The short-term efficacy of infliximab (IFX) and cyclosporine A (CsA) in steroid-refractory ulcerative colitis (SRUC) has been recently shown to be similar, but long-term outcomes are still unclear. Moreover, the need for further rescue therapies in patients treated with IFX or CsA for SRUC has not been reported. The aims of our study were to compare short-term and long-term efficacy between 2 different strategies based on initial treatment with CsA or IFX for SRUC attacks.
Patients and Methods:
Between January 2005 and December 2011, all patients admitted for SRUC who required medical rescue therapy were identified from the electronic databases of 3 referral centers and grouped according to whether they received CsA or IFX as first-line rescue therapy, and retrospectively reviewed.
Among 50 SRUC attacks, 20 were treated with CsA as first-line rescue therapy and 30 with IFX. The CsA group had a higher proportion of patients with severe UC activity immediately before rescue therapy (P = 0.03) and a shorter median time from intravenous corticosteroids to rescue therapy (P = 0.03). A higher proportion of patients in the CsA group received second-line drug therapy (switch) as compared with the IFX group (P = 0.04). Fifteen patients (30%) were colectomized during the study period, with no between-group differences. Previous thiopurine exposure (P = 0.004; odds ratio = 6.1 [1.7–20.9]) was the only independent predictor of colectomy.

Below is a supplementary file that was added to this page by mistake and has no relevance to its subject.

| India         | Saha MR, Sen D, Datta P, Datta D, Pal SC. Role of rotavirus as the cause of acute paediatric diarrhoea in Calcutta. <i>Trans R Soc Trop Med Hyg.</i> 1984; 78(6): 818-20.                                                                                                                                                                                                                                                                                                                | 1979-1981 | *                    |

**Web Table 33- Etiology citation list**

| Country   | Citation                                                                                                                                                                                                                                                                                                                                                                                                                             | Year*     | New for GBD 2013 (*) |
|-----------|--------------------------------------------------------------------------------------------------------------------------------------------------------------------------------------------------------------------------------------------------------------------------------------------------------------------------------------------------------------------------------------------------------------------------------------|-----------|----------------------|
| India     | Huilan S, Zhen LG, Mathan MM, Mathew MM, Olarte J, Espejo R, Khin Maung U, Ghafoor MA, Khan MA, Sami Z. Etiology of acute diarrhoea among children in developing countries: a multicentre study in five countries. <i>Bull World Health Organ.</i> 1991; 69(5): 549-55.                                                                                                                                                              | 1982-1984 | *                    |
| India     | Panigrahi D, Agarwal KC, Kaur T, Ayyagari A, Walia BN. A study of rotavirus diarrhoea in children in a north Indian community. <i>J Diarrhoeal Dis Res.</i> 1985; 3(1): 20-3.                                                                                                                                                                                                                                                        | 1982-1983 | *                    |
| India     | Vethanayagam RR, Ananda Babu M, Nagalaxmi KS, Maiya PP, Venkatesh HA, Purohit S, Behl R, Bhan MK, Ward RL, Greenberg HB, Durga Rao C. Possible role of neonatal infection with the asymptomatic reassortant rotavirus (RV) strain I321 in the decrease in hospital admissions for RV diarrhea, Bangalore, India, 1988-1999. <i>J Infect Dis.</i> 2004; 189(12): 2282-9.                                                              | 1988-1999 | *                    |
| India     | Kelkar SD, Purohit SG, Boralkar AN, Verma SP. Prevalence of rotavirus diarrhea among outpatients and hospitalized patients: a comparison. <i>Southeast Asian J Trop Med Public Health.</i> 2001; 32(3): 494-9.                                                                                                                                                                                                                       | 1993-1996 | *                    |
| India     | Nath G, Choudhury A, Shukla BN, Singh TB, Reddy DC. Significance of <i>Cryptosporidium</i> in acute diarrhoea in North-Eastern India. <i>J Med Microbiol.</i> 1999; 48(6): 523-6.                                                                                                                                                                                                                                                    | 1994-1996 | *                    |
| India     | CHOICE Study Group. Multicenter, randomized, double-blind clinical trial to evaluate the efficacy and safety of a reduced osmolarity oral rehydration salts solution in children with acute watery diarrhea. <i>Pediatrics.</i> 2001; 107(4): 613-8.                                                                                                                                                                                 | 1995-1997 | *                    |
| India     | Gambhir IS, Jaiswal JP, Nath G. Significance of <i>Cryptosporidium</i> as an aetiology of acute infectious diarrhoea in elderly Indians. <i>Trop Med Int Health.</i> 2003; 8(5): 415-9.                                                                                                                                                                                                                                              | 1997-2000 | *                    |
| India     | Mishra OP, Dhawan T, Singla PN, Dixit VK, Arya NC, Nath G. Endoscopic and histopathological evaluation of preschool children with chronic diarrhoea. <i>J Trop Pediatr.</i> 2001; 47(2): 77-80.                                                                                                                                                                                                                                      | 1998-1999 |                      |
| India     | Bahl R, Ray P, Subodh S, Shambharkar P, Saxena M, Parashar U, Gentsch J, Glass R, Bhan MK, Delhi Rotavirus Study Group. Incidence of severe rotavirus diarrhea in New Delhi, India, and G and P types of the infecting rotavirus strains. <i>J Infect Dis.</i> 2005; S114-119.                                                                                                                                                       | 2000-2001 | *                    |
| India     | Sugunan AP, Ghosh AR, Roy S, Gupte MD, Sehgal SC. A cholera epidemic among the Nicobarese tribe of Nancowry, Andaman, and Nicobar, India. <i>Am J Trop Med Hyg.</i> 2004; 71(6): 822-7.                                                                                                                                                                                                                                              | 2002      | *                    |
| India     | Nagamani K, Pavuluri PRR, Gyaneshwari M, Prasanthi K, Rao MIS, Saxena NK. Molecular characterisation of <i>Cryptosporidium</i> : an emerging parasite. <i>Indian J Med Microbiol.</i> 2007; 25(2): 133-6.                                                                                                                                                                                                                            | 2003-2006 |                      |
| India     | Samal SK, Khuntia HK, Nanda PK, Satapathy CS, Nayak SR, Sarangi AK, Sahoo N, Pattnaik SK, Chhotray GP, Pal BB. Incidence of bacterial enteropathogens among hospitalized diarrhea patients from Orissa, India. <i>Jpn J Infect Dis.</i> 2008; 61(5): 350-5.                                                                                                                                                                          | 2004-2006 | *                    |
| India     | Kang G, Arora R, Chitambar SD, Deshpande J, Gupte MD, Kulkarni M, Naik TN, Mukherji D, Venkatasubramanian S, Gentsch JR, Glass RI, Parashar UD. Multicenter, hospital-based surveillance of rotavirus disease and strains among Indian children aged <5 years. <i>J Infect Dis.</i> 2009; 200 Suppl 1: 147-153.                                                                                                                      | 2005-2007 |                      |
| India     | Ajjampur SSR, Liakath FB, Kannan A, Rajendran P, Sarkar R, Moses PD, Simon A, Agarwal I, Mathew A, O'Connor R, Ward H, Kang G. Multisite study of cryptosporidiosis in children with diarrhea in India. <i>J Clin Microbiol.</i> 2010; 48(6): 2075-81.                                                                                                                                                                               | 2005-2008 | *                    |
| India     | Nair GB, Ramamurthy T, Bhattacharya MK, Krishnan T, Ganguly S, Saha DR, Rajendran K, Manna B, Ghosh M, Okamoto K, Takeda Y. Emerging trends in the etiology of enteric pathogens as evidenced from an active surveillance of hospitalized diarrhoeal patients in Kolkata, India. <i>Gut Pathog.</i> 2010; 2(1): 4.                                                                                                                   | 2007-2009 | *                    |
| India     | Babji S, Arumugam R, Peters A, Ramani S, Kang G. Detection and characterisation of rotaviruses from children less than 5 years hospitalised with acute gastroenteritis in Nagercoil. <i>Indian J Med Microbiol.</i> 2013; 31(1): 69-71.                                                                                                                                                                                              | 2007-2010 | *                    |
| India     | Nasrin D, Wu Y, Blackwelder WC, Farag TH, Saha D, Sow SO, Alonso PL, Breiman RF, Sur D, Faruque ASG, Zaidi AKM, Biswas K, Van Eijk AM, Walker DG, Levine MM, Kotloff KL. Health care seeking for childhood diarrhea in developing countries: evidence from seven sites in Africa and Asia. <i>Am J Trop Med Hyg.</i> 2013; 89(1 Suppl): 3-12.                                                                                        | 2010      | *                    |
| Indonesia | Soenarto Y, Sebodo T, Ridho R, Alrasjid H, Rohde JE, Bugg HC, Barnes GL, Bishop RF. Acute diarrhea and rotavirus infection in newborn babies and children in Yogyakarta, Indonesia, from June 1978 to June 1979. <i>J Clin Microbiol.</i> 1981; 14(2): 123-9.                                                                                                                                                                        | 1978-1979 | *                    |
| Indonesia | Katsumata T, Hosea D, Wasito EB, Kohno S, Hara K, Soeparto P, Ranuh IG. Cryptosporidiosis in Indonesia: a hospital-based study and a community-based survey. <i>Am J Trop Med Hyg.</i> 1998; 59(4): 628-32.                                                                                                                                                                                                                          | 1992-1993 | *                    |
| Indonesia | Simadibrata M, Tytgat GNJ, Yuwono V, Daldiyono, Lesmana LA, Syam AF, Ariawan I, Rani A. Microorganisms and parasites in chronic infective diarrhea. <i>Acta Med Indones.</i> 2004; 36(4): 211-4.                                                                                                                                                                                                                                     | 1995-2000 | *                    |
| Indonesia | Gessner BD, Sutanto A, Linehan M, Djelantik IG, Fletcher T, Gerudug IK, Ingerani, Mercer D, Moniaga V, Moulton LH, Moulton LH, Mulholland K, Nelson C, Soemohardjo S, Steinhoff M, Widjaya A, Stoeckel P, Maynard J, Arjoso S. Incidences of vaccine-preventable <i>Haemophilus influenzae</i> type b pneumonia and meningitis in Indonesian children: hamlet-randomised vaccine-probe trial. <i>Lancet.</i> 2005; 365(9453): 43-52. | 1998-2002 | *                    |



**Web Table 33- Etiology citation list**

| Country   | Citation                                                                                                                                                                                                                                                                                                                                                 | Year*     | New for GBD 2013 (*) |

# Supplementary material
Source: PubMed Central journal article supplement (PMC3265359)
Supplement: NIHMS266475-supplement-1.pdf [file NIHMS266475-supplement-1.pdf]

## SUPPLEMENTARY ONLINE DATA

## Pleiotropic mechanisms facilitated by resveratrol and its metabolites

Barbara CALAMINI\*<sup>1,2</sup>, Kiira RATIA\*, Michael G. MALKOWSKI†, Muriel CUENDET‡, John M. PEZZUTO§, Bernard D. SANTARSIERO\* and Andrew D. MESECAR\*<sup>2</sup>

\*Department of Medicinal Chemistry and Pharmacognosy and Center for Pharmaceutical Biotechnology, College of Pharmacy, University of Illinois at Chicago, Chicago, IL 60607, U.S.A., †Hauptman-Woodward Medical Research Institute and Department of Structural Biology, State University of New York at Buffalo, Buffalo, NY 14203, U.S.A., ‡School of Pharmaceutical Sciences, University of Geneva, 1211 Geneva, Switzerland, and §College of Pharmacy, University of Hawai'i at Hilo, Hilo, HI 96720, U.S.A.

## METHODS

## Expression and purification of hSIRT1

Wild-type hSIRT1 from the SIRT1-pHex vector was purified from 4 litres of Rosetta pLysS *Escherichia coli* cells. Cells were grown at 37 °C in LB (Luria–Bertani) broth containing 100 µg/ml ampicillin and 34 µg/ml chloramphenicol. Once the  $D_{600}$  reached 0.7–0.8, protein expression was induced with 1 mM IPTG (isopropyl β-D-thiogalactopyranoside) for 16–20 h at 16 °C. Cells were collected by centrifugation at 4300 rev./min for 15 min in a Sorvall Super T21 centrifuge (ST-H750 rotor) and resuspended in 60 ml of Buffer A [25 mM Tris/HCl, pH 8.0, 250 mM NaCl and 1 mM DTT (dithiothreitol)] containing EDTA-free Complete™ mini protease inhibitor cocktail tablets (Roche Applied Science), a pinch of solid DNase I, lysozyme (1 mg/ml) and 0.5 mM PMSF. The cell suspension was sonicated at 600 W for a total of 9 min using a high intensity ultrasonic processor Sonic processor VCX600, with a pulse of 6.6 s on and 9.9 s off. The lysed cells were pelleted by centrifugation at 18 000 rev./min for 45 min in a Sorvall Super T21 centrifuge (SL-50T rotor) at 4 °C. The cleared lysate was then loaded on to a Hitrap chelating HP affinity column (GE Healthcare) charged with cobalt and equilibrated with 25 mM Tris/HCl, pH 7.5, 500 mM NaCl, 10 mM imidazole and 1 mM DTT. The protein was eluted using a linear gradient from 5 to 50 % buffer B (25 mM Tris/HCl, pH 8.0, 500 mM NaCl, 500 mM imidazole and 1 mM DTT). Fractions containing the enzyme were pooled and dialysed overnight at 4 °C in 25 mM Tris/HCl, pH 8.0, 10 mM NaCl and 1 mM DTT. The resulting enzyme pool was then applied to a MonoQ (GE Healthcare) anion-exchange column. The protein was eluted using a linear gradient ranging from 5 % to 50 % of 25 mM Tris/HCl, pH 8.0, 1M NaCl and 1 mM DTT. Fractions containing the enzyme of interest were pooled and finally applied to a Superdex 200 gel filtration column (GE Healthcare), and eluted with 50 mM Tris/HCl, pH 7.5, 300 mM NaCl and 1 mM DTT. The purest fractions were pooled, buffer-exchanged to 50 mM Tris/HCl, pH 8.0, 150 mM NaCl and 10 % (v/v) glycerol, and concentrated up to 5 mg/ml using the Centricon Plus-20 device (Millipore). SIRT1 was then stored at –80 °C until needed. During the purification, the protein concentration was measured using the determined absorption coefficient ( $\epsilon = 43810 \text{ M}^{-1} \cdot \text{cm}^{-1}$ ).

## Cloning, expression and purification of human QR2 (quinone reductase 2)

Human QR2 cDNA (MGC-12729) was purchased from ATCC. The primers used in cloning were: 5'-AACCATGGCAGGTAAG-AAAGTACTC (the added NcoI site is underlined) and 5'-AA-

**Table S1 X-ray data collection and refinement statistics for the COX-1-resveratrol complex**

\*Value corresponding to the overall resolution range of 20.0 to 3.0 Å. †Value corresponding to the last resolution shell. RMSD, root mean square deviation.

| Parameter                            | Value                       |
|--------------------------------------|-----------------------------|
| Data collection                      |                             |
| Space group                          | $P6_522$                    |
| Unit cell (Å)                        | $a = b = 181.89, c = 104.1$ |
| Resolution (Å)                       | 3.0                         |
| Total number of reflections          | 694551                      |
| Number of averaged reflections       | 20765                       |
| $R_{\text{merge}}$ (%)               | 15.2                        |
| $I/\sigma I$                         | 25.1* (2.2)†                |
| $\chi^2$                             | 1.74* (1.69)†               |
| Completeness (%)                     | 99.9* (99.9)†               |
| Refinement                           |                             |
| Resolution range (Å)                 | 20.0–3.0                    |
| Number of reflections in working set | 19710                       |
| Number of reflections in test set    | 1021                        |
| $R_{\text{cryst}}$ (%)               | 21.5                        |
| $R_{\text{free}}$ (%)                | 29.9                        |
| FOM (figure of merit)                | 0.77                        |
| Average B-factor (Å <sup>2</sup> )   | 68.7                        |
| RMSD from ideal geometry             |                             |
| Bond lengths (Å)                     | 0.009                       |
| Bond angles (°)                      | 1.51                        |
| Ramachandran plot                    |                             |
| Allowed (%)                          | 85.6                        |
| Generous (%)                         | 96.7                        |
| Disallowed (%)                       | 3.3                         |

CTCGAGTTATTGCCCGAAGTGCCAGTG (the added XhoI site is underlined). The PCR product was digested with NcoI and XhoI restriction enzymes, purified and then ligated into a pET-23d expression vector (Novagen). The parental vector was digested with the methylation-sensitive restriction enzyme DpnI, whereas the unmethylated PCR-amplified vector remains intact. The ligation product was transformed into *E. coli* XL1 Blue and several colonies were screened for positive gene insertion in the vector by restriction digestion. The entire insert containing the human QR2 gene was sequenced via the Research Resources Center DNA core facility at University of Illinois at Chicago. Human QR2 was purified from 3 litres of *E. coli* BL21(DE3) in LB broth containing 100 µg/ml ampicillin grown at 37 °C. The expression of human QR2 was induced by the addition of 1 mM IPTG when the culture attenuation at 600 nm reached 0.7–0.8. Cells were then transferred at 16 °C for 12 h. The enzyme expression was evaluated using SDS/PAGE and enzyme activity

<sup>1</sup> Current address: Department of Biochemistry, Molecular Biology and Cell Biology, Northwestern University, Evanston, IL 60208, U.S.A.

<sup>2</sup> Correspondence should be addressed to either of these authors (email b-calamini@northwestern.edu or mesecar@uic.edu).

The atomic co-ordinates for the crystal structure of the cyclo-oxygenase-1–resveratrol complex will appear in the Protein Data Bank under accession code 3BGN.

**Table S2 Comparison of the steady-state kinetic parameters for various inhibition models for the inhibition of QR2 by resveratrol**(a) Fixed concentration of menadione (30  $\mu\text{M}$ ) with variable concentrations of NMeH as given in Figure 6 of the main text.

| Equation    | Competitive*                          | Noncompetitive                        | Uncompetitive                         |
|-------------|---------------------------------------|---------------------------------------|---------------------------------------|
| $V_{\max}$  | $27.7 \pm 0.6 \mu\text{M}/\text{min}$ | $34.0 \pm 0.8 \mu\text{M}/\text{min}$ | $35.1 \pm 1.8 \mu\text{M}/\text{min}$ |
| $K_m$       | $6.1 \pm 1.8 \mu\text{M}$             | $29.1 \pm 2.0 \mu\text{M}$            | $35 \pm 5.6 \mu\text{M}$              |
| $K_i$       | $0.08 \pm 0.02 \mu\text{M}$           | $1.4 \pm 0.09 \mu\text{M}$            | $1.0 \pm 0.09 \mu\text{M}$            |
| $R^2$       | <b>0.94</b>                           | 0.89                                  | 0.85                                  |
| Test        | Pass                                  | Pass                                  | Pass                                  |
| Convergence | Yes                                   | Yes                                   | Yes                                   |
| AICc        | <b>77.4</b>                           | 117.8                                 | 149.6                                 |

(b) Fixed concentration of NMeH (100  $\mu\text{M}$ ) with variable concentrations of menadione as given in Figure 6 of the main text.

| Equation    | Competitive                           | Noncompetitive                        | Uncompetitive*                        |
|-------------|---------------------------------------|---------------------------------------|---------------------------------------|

CsA- and IFX-based strategies for SRUC seem similarly effective in preventing colectomy in the short and long term, although second-line drug therapy is more often required with CsA-based strategies.